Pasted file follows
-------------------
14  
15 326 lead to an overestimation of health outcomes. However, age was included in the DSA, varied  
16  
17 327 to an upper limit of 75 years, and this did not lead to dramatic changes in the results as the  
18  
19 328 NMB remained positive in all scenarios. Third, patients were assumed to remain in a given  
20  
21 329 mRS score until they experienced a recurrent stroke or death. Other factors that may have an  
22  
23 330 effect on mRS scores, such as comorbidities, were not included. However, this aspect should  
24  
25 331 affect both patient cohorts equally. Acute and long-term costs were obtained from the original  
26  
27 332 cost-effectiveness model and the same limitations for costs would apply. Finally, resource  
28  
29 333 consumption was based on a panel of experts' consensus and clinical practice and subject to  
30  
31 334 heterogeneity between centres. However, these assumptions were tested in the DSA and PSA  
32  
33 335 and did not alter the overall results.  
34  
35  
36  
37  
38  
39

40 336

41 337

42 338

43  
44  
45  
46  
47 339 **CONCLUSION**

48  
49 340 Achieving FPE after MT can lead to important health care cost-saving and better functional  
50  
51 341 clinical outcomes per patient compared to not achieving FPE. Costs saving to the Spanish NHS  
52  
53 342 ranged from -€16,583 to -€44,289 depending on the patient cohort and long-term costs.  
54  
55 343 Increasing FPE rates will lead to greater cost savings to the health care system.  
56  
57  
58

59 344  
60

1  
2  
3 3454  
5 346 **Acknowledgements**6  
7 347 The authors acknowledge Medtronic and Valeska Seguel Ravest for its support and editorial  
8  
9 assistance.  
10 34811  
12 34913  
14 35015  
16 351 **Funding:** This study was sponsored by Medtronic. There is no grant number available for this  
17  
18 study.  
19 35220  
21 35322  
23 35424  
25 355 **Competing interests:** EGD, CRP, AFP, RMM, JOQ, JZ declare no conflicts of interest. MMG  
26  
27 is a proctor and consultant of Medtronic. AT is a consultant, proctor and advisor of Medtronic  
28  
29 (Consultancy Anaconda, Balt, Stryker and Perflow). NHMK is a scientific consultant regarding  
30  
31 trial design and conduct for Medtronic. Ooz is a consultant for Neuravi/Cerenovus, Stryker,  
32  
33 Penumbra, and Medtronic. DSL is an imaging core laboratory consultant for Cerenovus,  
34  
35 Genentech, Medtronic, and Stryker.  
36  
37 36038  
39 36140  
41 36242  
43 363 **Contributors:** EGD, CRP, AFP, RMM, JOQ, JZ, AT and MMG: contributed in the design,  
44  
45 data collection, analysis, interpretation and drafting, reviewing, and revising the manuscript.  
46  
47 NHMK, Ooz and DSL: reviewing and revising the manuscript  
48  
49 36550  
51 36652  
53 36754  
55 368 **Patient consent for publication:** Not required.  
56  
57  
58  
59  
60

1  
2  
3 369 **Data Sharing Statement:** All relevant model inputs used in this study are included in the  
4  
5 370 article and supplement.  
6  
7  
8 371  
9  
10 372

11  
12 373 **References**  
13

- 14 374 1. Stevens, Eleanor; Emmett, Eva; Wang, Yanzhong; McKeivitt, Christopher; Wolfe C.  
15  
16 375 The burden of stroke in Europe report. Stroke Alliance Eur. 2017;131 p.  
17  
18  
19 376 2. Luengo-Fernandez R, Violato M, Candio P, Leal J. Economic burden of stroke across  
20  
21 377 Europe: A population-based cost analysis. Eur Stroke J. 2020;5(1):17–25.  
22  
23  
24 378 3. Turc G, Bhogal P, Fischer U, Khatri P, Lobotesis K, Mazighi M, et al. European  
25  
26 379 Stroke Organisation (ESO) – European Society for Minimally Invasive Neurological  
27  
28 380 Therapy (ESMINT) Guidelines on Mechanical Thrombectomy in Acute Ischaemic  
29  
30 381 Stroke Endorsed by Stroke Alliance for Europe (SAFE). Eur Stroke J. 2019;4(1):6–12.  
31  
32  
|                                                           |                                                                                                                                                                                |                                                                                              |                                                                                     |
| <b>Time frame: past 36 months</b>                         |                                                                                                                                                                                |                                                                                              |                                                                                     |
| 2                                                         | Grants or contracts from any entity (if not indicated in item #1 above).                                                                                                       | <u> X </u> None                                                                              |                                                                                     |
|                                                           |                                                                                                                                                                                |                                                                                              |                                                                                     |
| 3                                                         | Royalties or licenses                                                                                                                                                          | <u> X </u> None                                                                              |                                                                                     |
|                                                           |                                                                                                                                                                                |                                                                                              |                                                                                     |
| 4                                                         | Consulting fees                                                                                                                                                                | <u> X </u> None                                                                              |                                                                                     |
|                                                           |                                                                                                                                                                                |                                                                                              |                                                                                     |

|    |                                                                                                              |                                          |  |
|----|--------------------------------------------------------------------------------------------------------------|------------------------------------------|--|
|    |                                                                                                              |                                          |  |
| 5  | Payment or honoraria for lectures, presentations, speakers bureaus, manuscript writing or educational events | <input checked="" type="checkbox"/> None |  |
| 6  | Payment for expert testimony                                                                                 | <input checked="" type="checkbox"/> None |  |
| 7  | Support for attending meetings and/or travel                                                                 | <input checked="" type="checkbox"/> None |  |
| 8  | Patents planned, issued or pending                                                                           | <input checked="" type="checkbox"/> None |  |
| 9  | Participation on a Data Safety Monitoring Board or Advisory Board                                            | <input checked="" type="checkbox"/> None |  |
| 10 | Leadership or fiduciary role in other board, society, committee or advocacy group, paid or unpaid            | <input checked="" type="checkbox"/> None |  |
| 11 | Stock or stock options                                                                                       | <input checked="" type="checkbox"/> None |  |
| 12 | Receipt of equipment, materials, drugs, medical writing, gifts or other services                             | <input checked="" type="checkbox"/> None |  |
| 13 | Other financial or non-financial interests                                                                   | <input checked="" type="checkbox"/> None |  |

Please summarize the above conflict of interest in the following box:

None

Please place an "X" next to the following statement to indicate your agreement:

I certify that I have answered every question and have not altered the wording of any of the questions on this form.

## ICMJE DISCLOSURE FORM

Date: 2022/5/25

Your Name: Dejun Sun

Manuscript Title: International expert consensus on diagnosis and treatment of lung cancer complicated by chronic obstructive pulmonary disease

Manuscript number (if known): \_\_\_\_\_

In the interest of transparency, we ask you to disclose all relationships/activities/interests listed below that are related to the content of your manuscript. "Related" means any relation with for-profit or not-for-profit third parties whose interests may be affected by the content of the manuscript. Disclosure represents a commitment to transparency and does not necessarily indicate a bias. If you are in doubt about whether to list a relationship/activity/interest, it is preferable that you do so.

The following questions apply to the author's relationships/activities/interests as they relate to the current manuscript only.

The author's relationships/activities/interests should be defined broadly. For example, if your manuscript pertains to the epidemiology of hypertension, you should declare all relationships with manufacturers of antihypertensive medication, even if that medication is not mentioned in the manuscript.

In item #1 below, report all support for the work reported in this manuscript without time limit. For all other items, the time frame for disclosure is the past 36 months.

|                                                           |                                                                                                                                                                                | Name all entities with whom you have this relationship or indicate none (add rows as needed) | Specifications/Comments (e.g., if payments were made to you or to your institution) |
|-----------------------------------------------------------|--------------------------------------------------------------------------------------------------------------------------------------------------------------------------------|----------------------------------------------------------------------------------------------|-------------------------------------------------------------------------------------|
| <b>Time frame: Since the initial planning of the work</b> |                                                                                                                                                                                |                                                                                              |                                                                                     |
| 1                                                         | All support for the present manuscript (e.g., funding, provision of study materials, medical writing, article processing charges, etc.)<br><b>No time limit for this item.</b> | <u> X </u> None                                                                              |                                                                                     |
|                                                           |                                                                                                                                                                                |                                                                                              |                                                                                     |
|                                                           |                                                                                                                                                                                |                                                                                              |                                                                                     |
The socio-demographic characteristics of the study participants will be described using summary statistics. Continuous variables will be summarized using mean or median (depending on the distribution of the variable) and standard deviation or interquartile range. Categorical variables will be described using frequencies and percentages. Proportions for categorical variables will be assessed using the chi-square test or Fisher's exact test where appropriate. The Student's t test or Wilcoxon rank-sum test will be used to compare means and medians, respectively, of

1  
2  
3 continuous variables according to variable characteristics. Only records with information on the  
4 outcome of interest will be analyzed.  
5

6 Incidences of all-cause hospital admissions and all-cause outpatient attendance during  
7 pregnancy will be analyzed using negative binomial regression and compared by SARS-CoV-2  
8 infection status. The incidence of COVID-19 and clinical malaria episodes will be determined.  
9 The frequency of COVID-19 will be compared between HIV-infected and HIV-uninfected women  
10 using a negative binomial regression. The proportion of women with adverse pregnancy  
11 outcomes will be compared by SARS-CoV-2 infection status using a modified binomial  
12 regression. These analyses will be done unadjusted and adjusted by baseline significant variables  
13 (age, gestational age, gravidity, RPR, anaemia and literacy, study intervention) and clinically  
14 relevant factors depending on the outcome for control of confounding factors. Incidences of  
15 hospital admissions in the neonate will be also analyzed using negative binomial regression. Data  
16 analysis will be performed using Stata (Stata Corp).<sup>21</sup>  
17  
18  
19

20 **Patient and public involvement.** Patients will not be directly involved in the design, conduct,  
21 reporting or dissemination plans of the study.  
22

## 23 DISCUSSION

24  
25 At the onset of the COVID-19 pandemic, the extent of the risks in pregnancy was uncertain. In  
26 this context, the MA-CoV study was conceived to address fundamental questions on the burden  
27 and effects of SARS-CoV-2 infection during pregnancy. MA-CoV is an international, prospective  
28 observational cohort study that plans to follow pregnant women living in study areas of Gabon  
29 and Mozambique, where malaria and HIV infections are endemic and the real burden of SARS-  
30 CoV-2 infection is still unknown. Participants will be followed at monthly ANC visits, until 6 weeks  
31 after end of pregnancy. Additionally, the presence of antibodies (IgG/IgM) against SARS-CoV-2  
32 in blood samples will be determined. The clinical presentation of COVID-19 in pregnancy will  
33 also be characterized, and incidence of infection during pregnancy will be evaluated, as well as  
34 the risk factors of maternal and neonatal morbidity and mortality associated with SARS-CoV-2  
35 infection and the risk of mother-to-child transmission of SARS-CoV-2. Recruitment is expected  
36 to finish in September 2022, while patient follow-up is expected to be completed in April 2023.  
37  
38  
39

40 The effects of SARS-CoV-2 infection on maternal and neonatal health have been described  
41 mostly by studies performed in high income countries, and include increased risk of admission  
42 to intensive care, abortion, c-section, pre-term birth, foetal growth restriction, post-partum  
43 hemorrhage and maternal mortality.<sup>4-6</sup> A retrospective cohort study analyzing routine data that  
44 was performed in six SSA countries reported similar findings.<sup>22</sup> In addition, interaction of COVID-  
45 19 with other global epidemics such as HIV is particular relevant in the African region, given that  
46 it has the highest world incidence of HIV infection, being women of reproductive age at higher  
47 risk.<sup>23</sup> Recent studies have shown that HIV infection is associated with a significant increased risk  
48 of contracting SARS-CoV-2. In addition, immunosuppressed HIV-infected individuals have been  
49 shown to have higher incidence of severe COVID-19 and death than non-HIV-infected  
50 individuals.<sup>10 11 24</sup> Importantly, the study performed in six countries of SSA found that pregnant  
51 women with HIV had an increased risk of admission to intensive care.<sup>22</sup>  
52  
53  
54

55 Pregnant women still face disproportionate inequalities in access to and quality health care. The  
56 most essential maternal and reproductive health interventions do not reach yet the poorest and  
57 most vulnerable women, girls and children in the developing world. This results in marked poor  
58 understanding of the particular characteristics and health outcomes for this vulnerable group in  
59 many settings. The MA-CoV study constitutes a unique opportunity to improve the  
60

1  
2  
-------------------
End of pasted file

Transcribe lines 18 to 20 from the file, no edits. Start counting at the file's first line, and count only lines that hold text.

31 334 heterogeneity between centres. However, these assumptions were tested in the DSA and PSA  
32  
33 335 and did not alter the overall results.  